Proud Son

Shu Matsui

Artwork by Lee Wan Xiang


BROTHER (older)
SISTER (younger)

Center stage: a chair.

TADASHI’S MOTHER enters and sits in the chair.

After looking around, she drinks water from the glass in her hand and steadies her breath.

TADASHI’S MOTHER:  . . . (Drinks some more water.) . . . Don’t blab so much in front of others, that’s what my late husband used to tell me. “The way you say things, none of it makes any sense . . . better you just nod your head.” Yesyes, Yesyes—just keep nodding.

(MAN enters. He eats chunks of fruit—with a pocket knife rather than a fork.)

MAN:  Yesyes, and?

TADASHI’S MOTHER:  And before I knew it, it got to be a habit. Just nodding my head like this . . . (Nods her head in short, quick motions.) Nodding yesyes to anyone and everyone, yesyes while talking to myself . . . (Nodding her head.) yesyes to the mirror (nodding her head) yesyes, yesyes . . .

MAN:  A one-trick pony.

TADASHI’S MOTHER:  My husband thought it creepy and he wouldn’t go out with me or talk to me. Can you believe it? He’s the one who started it. But then one day, he brought home a pedometer, tossed it to me, and told me to put it on. A pedometer. What could I do but get a scarf and tie it to my head? And then, guess what . . . it worked. I’ve got a purpose . . . in life.

MAN:  I see.

TADASHI’S MOTHER:  It was like, “Wow, I nodded seven thousand times today. I’ll try for even more tomorrow.” A whole new world had opened up. From then on, my husband would check in with me, asking “Hey, how many today?” Though that just was about it for our conversations.

MAN:  He sounds like a nice husband.

TADASHI’S MOTHER:  Yes, I suppose so . . . come to think of it, I feel bad, rather sorry for him. For having married such a nitwit. He could’ve found a better fit, I’m sure.

MAN:  I highly doubt it. (He pulls a souvenir doll out from his bag.) Think of this as your husband. Do you see any resemblance?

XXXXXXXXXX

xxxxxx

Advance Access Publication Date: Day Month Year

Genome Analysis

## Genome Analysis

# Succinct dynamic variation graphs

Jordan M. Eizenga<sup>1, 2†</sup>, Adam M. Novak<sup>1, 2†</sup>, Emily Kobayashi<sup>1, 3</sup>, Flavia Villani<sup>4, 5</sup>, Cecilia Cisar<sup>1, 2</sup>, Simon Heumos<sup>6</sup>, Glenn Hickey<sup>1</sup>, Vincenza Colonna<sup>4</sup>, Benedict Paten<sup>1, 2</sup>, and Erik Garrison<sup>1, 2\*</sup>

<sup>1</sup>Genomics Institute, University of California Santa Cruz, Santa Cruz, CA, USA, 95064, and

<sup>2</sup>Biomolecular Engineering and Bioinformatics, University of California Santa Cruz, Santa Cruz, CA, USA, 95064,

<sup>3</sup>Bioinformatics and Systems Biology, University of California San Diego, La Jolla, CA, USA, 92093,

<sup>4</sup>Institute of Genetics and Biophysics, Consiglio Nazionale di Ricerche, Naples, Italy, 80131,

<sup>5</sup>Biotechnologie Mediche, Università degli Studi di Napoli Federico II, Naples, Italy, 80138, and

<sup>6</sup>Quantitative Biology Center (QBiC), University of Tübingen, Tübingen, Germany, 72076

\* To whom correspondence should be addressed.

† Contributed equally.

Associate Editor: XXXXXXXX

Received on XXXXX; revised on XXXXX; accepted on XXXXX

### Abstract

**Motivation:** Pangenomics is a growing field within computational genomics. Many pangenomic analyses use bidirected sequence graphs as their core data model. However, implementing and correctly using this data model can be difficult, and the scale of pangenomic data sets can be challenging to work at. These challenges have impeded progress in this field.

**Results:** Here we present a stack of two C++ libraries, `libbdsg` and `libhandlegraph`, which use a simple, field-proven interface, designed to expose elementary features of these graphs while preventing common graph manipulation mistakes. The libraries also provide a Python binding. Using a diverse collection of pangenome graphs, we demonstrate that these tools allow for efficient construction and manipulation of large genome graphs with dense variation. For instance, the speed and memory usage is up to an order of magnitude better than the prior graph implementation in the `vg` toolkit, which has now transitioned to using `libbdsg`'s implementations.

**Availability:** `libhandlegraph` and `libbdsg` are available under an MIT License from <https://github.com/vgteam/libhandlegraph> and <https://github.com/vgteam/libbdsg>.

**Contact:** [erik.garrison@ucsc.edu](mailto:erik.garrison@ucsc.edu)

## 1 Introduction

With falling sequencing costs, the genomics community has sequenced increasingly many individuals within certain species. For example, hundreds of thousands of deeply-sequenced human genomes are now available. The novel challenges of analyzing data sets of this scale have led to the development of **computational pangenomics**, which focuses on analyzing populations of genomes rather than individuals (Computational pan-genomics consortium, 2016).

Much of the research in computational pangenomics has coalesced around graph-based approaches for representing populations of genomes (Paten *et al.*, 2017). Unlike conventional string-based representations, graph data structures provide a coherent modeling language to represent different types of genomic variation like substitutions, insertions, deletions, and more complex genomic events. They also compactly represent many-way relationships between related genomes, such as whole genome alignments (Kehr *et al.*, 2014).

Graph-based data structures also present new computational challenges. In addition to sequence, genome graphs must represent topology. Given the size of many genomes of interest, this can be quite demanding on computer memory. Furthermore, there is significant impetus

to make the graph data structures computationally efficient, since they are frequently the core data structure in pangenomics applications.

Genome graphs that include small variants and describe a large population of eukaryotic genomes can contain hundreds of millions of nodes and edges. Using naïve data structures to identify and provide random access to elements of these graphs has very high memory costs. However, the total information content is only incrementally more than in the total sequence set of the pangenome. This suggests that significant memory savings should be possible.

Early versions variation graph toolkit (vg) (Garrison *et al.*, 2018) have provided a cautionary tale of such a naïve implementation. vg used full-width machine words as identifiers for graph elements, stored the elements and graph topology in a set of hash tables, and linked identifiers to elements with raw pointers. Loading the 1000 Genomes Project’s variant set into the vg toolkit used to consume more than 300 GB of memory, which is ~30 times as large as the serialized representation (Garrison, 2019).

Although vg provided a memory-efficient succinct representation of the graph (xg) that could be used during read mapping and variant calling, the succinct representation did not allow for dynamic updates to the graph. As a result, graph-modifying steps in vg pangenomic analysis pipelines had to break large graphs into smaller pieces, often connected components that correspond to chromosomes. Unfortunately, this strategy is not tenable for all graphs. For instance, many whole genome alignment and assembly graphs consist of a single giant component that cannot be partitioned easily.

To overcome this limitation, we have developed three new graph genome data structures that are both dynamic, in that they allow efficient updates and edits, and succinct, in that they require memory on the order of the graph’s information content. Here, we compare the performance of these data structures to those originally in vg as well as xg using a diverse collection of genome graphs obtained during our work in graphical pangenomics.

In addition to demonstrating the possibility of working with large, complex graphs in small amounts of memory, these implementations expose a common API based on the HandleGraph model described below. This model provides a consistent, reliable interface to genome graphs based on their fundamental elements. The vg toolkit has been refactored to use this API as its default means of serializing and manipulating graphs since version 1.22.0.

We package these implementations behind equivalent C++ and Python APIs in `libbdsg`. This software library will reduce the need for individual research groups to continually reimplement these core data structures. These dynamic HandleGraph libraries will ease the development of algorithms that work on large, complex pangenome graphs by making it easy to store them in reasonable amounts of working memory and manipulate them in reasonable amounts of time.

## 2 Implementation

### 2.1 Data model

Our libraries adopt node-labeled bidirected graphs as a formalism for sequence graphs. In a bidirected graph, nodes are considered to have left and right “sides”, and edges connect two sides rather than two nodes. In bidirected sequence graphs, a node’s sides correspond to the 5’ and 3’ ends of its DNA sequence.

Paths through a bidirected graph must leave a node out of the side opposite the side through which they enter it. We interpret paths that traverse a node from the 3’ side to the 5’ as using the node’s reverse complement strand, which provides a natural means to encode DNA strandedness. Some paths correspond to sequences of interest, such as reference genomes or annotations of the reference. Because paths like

TADASHI’S MOTHER (appraising the doll):  No, not really.

MAN (putting the doll back into the bag):  Okay, I see.

TADASHI’S MOTHER:  . . . Yeah, well, but my son, I have an only son, and unlike me, he’s really very impressive. Not to brag or anything, but . . . well, let me tell you . . .

MAN:  And off she goes.

TADASHI’S MOTHER:  Some say, he’s, maybe, greater than that man . . . you know who . . . the one born in the manger, who got pelted with stones . . . you know? He was uhhh . . . crucified . . .

MAN:  Jesus Christ?

TADASHI’S MOTHER:  Well, for example, you know . . . some say . . . ? It’s not me saying it, but there is this rumor I hear, or something like it, right?

MAN (pulling a crucifix out from his bag):  A steal. Only eight hundred yen.

(TADASHI’S MOTHER ignores MAN’s offer.)

(She pulls out a postcard.)

TADASHI’S MOTHER:  Take a look at this.

(A postcard from Hawaii is projected onto the wall.)

TADASHI’S MOTHER:  That’s Hawaii. I want to visit Hawaii, I’ve been saying that for a long long time. He remembered, and he sent me this card. Here’s what he wrote, “I built a nation. Things are good. Tadashi.”

(TADASHI’S MOTHER pulls a muumuu and a pair of sunglasses out of her bag and puts them on.)